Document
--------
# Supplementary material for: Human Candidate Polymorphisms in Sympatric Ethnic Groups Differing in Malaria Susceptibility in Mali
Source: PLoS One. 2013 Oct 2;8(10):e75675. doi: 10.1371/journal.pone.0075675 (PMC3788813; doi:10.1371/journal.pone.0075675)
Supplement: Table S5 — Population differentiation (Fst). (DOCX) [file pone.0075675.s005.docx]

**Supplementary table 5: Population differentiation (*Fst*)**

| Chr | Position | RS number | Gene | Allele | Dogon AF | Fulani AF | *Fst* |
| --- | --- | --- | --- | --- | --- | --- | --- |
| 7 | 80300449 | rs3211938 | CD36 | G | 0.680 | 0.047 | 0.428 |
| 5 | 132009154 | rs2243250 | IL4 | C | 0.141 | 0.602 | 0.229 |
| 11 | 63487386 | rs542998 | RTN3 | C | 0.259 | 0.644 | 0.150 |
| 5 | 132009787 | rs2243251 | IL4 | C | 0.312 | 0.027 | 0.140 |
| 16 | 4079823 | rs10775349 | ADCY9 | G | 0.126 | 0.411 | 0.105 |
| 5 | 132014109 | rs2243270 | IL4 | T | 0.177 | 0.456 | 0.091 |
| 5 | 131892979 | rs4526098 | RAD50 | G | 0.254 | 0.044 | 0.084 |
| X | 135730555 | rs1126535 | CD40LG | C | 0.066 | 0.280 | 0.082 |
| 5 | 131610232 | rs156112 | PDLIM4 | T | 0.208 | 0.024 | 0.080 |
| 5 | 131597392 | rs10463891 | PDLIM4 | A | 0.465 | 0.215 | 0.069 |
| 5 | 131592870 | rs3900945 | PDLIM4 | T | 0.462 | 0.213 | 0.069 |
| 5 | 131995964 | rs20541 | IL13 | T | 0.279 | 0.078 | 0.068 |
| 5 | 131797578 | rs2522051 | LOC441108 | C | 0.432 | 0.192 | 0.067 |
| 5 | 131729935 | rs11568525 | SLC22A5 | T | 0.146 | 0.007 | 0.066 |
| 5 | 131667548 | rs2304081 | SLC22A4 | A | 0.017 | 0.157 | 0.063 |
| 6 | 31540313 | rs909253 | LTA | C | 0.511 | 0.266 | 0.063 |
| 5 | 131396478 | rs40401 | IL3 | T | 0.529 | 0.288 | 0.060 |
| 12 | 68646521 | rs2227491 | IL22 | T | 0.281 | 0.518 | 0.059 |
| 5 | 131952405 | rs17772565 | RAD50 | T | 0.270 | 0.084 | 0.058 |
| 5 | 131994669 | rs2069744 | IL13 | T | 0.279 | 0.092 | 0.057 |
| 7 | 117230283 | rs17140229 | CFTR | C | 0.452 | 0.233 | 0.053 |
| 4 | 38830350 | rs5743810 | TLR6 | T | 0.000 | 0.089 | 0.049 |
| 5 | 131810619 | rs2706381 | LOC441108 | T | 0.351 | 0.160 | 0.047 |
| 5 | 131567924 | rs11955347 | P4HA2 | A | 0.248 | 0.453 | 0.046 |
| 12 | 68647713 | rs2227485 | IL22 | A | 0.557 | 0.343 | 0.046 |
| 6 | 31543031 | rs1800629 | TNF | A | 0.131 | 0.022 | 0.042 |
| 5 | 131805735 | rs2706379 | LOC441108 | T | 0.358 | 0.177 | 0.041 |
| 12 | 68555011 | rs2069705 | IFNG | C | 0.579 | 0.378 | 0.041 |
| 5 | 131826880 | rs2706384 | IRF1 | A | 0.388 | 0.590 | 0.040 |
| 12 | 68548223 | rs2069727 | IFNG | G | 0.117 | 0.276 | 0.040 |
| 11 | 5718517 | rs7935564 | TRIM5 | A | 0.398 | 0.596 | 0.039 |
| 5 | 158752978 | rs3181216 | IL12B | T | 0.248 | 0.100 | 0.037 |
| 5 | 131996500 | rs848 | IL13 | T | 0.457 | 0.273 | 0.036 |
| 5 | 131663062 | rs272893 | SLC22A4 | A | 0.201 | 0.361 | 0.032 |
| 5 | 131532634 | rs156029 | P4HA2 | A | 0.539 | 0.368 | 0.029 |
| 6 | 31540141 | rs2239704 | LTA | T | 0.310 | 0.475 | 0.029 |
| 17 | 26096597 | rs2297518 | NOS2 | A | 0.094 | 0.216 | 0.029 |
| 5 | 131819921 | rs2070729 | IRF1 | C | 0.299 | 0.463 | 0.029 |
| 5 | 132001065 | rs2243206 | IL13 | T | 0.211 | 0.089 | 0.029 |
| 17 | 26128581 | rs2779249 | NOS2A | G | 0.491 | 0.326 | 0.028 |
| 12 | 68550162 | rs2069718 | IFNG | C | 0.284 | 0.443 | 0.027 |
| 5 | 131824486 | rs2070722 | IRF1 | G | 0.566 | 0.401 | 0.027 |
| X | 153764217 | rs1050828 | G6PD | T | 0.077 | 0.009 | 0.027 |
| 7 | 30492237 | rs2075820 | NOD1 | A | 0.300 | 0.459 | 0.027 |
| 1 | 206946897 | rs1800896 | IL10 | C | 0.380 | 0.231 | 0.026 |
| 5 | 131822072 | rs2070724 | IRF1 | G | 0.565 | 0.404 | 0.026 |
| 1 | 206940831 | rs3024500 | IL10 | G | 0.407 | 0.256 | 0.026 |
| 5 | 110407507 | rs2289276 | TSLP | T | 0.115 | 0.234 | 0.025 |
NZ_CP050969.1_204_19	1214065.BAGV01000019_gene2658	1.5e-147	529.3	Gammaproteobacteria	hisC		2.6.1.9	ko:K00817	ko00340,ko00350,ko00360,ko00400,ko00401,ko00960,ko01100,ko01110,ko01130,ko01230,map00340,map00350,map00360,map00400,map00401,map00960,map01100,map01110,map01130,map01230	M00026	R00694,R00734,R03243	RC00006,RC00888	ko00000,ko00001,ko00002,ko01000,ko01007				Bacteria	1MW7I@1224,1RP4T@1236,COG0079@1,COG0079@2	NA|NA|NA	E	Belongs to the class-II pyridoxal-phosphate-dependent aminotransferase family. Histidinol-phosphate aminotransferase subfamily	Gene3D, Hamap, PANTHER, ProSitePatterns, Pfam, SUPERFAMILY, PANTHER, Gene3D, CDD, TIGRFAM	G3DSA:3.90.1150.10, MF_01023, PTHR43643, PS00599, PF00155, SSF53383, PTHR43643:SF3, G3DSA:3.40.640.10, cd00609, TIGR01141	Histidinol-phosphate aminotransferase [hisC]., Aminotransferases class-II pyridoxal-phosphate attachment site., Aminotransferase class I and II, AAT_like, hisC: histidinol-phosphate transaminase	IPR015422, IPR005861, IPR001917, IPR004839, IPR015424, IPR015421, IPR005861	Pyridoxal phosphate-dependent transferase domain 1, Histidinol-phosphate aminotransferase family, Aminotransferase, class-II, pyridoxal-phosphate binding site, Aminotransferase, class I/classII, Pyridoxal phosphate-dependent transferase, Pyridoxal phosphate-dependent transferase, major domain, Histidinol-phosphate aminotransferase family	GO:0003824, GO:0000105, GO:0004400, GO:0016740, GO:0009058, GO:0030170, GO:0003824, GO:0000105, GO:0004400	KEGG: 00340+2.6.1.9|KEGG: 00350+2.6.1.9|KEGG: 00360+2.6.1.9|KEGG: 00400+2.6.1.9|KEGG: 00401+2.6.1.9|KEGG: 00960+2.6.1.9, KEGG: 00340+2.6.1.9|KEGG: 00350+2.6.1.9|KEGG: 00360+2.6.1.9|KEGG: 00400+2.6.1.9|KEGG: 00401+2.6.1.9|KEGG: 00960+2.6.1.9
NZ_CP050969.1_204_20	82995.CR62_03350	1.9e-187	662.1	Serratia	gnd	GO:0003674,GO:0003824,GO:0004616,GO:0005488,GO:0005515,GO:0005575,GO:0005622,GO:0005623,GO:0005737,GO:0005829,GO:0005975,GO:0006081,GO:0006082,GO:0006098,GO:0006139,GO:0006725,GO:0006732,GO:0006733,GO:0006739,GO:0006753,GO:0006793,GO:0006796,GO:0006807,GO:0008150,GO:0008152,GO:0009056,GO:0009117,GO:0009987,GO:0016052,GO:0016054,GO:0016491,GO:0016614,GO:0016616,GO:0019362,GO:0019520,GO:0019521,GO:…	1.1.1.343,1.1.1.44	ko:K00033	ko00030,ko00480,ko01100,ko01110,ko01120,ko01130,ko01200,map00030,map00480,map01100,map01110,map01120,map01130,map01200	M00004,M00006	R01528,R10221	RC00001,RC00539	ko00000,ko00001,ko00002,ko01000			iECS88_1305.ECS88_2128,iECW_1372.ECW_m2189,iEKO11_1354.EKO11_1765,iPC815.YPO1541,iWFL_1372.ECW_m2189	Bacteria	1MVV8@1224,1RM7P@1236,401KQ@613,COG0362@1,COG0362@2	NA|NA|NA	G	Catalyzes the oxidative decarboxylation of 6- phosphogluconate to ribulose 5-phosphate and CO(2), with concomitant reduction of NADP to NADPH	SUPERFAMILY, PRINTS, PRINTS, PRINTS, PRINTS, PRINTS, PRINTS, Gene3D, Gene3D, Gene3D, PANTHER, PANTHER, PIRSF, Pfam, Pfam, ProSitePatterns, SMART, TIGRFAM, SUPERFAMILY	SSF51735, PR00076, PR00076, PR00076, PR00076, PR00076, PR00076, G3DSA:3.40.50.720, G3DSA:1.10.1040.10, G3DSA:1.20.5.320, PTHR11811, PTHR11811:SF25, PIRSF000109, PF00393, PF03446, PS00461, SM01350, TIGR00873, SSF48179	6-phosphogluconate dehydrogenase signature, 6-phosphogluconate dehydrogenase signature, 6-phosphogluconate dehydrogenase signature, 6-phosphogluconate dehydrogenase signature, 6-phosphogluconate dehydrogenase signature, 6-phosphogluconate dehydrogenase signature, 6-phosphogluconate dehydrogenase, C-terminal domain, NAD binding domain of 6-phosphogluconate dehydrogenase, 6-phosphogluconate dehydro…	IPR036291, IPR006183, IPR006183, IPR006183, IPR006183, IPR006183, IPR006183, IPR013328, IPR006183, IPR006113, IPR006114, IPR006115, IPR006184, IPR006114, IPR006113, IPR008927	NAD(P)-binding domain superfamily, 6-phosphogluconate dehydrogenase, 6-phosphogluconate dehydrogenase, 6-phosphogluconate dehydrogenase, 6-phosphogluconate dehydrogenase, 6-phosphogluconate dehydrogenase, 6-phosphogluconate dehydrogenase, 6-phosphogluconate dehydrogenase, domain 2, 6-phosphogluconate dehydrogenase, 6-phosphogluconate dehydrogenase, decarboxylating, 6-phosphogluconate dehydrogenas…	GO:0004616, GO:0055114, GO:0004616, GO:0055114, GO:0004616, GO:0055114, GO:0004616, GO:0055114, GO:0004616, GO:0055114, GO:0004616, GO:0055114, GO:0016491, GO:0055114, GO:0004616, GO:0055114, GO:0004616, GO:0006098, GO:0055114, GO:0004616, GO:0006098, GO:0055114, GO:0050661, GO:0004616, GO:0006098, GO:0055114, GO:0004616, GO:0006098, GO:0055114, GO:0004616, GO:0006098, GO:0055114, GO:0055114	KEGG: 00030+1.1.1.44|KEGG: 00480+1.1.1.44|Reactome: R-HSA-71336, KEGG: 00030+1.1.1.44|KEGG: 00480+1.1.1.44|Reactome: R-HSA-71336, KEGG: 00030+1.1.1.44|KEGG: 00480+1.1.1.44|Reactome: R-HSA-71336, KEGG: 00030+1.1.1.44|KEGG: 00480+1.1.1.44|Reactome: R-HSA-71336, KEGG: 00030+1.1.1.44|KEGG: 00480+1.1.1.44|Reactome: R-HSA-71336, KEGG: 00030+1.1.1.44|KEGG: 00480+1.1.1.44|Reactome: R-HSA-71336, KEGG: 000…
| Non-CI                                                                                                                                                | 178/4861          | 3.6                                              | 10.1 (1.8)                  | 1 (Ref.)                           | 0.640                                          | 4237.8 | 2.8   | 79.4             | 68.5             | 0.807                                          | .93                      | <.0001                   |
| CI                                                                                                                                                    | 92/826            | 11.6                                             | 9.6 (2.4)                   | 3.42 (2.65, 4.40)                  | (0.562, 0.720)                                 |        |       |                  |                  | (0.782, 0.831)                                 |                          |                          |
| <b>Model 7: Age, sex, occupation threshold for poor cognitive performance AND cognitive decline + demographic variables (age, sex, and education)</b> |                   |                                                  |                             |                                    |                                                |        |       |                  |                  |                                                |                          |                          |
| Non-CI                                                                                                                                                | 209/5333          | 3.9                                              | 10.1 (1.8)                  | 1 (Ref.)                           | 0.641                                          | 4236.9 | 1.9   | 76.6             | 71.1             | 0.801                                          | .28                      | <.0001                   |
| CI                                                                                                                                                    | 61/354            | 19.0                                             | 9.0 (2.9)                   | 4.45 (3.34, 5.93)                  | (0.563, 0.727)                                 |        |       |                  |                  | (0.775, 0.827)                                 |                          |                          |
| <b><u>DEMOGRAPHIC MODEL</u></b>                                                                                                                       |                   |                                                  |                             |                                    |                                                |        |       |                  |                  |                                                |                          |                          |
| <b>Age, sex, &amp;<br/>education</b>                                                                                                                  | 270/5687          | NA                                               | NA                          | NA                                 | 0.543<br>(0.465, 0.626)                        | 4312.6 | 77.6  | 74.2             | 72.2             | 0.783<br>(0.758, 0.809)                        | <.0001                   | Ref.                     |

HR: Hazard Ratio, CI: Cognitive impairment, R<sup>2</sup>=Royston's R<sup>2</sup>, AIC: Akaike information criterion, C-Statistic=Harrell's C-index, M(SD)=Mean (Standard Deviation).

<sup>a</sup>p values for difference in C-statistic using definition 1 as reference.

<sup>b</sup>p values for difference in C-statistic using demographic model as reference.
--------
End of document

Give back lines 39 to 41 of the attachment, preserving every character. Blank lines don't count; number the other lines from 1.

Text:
| 5 | 131996500 | rs848 | IL13 | T | 0.457 | 0.273 | 0.036 |
| 5 | 131663062 | rs272893 | SLC22A4 | A | 0.201 | 0.361 | 0.032 |
| 5 | 131532634 | rs156029 | P4HA2 | A | 0.539 | 0.368 | 0.029 |